Eugene was beside himself with excitement, until he was told the reserve price. Seven hundred million was outrageous, beyond even his means. But, Fiedelholz insisted, Al Bu Said would take a lot of persuading to budge. So began a game of chess that had dragged on for several months, until Hussein Al Bu Said’s business troubles apparently resolved themselves and he suddenly changed his mind about selling at all.

  Fuming like a starving dog cheated out of a bone, Eugene had considered his options. They were few, and they were ugly, but he’d come this far. He would not be denied.

  In early September, Eugene had put out cautious feelers to facilitate the plan that was brewing in his mind. Two weeks later, those feelers bore fruit in the shape of a professional criminal and soldier of fortune called Lee Pender. They’d only met once, in October, at which meeting Eugene offered Pender five million dollars to obtain the diamond for him, smuggle it out of Oman on board one of his ships and carry it to Mombasa, where Eugene would be waiting. Pender agreed. If the plan necessitated (as Pender put it) ‘pressing the button’ on Al Bu Said, then so be it. Eugene had few qualms on that score. Pender certainly had none whatsoever.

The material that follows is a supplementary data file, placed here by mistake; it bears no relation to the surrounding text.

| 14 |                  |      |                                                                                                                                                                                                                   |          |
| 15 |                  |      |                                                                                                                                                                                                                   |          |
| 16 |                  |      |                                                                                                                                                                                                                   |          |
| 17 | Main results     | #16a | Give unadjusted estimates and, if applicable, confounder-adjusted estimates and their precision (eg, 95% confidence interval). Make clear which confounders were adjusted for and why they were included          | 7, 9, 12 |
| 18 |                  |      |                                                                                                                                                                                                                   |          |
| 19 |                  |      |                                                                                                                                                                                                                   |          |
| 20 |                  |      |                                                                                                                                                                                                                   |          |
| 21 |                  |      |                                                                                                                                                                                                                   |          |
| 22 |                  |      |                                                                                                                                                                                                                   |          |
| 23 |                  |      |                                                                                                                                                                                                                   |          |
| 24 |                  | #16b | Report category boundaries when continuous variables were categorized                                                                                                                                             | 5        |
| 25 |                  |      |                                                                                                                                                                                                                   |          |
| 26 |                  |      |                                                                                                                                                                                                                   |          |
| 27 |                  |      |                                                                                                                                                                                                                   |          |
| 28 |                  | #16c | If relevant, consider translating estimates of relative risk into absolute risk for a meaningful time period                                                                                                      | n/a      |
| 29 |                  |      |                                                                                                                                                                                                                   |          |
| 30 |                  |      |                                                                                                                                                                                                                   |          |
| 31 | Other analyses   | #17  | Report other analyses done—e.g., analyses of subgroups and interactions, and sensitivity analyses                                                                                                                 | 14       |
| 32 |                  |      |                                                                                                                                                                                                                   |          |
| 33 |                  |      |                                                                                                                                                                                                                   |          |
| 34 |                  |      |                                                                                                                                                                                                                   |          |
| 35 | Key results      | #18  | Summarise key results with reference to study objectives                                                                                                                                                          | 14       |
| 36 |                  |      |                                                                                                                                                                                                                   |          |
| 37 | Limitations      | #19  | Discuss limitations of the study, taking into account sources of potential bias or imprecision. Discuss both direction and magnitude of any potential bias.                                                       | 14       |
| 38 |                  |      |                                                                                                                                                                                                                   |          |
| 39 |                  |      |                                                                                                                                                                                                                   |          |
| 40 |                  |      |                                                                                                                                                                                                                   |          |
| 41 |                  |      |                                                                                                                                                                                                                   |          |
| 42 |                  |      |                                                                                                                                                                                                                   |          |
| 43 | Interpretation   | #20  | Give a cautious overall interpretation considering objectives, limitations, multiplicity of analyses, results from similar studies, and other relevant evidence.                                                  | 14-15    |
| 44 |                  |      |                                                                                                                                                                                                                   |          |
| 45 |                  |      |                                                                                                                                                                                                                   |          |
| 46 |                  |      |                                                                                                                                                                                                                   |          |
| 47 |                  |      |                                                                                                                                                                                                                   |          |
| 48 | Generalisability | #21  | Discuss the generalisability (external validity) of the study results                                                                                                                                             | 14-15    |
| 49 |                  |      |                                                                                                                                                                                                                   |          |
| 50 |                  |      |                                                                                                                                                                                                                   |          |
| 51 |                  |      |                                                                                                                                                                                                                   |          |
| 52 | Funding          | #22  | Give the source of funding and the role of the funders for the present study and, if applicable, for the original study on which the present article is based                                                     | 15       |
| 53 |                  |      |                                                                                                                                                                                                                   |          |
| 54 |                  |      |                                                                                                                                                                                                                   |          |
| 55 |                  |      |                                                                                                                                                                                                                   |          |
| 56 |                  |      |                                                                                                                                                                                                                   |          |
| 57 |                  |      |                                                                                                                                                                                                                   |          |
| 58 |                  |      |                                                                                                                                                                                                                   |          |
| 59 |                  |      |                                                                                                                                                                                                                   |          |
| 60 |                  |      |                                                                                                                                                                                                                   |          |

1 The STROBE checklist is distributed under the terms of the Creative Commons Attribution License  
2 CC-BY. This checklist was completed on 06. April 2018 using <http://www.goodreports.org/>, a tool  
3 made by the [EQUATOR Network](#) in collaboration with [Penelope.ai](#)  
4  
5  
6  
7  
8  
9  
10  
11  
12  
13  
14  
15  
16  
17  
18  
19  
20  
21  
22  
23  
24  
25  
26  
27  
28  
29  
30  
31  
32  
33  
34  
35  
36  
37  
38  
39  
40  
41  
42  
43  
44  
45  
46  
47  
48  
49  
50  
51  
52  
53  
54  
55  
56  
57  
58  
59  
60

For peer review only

It had all seemed so easy, Eugene now reflected miserably as he paced the living room of t
he Villa La Cupola suite. Pender had carried out the first phase of the plan perfectly, albeit a little messily when he and his hitters had taken it upon themselves to wipe out the whole family. But Eugene hadn’t thought twice about Najila Al Bu Said and her kids. He could only think of one thing.

  Just like he could only think of one thing now.

  Where’s my ship? Where’s Lee Pender? Where’s my goddamned diamond?

  But for every problem, there was a solution. And as the initial panic began to subside, and Eugene was able to reflect a little more calmly over the situation, possibilities began to dawn on him that made him realise, with a flash of hope burning brightly in his head like a light bulb, that there might be another way to see this.

  He picked up the phone and dialled another number, one that few people knew.

  When a voice answered, he said, ‘It’s me. Is he there?’

  The voice replied, ‘He’s not here.’

  ‘Get him for me. I have a job for him.’

  Eugene waited. Nineteen minutes later, the phone burred and Eugene snatched it up.

  ‘Bronski,’ said a different voice. Slow, calm, quietly self-assured, infinitely patient. Like the man himself.

  ‘Listen,’ Eugene said. Bronski listened. And Eugene told him what he wanted him to do.

  Chapter 32

  Something was tap-tap-tapping against Ben’s head. He opened his eyes, and found himself squinting blearily into the black eye of a seagull. He jerked his head up off the hard, uncomfortable surface it was resting on and shooed the gull away. It flapped off on broad wings, low over the water, then looped up high and circled overhead.

  Ben eased his aching body into a sitting position and gazed around him. The sun was rising over a calm, flat ocean and rising slowly into the cloudless sky. It was as if the storm had never happened, except for the absence of the ship and the remnants of the slick of wreckage that floated on the water. The only sound was the soft whisper of the ocean and the creaking of the makeshift raft Ben was sitting on.